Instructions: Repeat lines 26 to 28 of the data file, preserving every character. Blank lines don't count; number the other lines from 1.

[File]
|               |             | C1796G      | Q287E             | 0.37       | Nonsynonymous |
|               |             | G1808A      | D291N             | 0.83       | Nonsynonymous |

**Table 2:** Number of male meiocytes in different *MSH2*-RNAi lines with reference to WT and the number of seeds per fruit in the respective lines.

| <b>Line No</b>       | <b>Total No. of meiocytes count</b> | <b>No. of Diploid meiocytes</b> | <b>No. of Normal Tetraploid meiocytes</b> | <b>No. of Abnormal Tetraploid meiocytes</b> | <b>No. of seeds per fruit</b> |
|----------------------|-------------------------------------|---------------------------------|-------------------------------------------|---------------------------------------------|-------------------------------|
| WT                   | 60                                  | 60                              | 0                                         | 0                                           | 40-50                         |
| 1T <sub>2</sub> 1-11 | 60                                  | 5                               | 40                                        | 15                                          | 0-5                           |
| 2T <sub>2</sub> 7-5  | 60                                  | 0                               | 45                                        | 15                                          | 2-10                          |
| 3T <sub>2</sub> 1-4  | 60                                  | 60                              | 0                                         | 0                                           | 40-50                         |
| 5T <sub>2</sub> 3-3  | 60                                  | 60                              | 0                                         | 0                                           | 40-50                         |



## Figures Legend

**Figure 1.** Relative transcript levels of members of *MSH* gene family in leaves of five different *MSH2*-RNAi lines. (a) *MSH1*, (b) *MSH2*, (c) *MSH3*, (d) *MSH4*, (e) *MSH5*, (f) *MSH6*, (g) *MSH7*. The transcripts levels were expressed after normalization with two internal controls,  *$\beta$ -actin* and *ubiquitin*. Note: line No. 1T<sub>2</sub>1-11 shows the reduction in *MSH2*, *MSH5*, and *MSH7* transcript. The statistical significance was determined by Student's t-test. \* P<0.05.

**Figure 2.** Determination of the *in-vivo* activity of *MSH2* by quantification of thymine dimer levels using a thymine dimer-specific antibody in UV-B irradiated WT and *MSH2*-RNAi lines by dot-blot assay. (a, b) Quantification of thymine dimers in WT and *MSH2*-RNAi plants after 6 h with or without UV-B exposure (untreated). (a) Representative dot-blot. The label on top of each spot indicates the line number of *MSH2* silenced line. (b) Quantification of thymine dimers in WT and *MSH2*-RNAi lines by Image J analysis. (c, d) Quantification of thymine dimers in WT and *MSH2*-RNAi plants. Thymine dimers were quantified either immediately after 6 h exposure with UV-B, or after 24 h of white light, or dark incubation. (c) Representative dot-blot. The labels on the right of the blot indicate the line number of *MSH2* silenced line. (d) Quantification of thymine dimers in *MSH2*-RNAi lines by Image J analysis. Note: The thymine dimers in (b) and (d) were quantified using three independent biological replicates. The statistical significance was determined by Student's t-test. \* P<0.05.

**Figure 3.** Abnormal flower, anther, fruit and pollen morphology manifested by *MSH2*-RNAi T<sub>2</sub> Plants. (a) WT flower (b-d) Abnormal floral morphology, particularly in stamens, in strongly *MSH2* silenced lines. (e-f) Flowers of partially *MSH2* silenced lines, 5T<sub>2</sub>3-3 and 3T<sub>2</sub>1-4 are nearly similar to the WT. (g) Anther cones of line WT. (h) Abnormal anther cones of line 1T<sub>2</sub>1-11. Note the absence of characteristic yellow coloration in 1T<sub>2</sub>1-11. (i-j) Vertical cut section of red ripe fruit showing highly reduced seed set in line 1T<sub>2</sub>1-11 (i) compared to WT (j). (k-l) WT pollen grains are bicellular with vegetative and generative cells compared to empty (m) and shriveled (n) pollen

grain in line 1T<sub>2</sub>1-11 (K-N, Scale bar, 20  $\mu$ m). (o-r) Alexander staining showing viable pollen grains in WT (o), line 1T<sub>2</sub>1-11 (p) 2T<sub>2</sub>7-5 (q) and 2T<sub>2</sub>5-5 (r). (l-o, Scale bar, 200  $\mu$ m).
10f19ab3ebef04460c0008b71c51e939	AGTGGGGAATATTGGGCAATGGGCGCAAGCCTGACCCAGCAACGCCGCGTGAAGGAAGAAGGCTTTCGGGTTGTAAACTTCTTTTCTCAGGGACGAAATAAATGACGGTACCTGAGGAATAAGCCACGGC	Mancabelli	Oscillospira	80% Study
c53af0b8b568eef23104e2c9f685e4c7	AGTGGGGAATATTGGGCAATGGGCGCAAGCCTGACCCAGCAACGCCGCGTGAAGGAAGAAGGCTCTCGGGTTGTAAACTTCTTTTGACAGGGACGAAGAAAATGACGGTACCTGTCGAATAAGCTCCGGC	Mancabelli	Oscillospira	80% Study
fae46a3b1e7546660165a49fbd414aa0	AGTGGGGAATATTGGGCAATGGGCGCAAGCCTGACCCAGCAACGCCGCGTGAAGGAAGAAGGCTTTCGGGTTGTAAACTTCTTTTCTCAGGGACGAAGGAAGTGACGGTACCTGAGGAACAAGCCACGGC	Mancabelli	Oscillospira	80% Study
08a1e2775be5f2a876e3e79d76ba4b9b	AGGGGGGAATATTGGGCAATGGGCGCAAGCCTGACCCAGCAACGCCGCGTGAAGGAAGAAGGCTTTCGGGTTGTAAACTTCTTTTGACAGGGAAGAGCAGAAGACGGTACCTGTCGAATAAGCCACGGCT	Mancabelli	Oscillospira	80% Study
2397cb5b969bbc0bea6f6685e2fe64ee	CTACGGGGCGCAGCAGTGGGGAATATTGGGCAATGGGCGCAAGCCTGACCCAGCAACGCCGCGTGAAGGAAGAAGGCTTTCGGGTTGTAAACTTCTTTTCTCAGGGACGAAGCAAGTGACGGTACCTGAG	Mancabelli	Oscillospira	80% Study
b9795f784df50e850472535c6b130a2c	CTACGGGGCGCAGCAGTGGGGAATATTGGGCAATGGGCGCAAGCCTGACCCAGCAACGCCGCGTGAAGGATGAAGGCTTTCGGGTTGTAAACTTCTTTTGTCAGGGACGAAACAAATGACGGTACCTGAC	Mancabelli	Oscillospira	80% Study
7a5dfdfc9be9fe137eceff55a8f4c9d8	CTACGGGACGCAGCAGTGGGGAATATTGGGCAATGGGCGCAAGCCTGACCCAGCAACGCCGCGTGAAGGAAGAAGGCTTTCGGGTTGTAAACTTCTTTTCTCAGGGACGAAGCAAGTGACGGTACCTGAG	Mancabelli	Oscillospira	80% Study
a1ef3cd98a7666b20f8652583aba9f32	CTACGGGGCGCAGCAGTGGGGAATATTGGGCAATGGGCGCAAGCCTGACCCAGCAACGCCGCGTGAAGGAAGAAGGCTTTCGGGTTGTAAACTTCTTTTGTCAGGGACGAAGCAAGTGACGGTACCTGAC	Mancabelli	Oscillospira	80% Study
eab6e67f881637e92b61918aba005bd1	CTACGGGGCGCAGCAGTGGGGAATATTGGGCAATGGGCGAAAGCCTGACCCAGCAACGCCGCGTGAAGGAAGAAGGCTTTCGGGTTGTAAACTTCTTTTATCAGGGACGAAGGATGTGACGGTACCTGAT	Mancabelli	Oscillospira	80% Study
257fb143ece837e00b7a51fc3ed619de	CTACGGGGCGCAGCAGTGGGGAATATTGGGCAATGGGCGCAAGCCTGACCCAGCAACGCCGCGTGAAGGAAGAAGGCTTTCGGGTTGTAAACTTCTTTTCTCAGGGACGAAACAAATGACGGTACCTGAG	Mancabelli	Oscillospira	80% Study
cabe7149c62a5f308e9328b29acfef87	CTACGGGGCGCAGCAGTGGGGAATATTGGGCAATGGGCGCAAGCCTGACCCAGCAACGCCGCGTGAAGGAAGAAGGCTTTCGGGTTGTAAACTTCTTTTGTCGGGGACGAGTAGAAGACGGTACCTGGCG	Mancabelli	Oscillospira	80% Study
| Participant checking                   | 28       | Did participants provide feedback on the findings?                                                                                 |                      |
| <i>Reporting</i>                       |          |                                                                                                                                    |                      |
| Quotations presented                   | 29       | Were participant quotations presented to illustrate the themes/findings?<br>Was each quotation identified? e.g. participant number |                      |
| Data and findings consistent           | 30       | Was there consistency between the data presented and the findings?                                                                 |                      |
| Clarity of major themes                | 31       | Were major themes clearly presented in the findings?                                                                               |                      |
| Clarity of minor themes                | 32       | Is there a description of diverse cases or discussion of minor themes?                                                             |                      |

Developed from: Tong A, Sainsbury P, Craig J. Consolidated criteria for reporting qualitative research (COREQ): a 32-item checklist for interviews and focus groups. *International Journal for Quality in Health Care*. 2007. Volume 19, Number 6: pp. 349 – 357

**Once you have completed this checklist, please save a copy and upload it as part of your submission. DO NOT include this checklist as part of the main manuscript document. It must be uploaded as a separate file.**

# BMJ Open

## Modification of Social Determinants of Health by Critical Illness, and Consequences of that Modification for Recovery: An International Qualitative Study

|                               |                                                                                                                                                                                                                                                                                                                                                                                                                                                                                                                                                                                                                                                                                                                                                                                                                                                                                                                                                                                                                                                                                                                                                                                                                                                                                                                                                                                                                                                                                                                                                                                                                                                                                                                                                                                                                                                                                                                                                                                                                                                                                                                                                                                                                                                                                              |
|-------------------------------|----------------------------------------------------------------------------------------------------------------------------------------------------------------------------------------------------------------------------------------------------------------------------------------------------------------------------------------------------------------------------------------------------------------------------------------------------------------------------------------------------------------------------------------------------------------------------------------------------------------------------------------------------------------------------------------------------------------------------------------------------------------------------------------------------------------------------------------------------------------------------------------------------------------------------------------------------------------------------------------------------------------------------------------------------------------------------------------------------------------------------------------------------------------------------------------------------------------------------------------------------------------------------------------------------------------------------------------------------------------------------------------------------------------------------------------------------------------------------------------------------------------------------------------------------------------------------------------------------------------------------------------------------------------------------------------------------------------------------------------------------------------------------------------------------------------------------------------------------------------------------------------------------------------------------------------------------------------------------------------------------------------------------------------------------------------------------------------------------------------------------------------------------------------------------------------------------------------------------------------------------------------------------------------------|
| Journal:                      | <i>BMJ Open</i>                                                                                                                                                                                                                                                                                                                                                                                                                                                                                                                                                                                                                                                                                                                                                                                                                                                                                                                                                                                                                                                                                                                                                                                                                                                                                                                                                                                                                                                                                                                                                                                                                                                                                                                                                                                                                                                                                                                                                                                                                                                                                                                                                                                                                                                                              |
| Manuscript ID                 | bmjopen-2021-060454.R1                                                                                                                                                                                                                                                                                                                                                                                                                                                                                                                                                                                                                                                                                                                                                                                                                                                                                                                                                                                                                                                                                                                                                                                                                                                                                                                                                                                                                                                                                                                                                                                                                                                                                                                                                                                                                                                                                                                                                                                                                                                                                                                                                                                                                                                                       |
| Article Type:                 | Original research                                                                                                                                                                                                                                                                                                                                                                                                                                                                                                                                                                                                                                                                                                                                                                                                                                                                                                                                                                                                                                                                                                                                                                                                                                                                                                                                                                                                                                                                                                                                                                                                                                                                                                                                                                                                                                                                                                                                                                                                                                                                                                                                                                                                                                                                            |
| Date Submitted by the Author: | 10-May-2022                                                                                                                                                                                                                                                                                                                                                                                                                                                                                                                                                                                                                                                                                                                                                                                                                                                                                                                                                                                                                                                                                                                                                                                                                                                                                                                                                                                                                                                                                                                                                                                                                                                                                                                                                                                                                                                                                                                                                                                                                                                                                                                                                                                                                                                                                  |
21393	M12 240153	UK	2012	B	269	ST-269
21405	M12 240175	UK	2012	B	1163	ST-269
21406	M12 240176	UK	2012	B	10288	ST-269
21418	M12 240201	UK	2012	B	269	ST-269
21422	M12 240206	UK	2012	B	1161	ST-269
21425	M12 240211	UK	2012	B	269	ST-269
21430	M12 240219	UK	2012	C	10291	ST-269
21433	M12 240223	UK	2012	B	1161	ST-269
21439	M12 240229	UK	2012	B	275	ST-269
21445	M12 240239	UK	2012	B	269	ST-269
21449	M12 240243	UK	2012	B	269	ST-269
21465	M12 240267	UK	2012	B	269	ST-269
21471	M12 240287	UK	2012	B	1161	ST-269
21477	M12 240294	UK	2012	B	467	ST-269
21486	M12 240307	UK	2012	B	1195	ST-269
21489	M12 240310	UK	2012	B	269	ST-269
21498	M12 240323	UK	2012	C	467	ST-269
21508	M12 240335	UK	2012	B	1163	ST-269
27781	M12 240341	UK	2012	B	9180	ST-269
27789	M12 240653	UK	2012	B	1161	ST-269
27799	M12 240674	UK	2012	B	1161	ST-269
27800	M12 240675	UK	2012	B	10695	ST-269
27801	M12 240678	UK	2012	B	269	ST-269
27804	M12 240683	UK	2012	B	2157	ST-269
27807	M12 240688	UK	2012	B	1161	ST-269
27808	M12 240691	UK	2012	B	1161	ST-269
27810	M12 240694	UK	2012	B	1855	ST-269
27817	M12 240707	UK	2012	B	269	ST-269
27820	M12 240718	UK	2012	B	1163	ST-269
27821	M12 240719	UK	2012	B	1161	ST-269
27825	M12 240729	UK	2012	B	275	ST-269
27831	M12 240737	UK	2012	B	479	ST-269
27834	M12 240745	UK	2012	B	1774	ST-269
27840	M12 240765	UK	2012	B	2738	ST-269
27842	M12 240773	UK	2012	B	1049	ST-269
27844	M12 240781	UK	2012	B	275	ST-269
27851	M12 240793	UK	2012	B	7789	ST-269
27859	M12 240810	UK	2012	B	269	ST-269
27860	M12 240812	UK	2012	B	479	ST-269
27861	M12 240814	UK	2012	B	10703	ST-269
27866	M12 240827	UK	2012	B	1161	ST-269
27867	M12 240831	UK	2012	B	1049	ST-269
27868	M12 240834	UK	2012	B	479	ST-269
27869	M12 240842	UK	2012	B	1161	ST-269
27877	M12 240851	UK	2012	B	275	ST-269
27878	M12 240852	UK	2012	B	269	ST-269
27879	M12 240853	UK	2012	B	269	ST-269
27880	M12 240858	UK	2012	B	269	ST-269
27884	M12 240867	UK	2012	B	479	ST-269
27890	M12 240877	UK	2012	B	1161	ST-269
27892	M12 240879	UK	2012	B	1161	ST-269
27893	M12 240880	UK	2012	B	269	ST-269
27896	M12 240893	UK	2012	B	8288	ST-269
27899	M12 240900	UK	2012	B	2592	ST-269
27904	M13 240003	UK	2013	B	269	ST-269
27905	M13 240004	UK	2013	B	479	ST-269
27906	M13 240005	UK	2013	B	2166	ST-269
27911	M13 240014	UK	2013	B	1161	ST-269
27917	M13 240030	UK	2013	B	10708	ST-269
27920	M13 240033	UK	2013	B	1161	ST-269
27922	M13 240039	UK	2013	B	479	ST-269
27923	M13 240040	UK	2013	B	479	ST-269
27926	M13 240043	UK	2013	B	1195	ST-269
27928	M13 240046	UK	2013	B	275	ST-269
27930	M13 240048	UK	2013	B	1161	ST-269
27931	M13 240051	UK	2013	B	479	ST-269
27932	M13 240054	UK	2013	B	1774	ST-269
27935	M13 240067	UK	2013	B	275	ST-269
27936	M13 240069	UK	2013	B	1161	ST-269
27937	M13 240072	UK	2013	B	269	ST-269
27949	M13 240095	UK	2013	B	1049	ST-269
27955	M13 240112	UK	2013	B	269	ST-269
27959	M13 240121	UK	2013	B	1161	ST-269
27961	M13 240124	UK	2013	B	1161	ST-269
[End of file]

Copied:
cabe7149c62a5f308e9328b29acfef87	CTACGGGGCGCAGCAGTGGGGAATATTGGGCAATGGGCGCAAGCCTGACCCAGCAACGCCGCGTGAAGGAAGAAGGCTTTCGGGTTGTAAACTTCTTTTGTCGGGGACGAGTAGAAGACGGTACCTGGCG	Mancabelli	Oscillospira	80% Study
| Participant checking                   | 28       | Did participants provide feedback on the findings?                                                                                 |                      |
| <i>Reporting</i>                       |          |                                                                                                                                    |                      |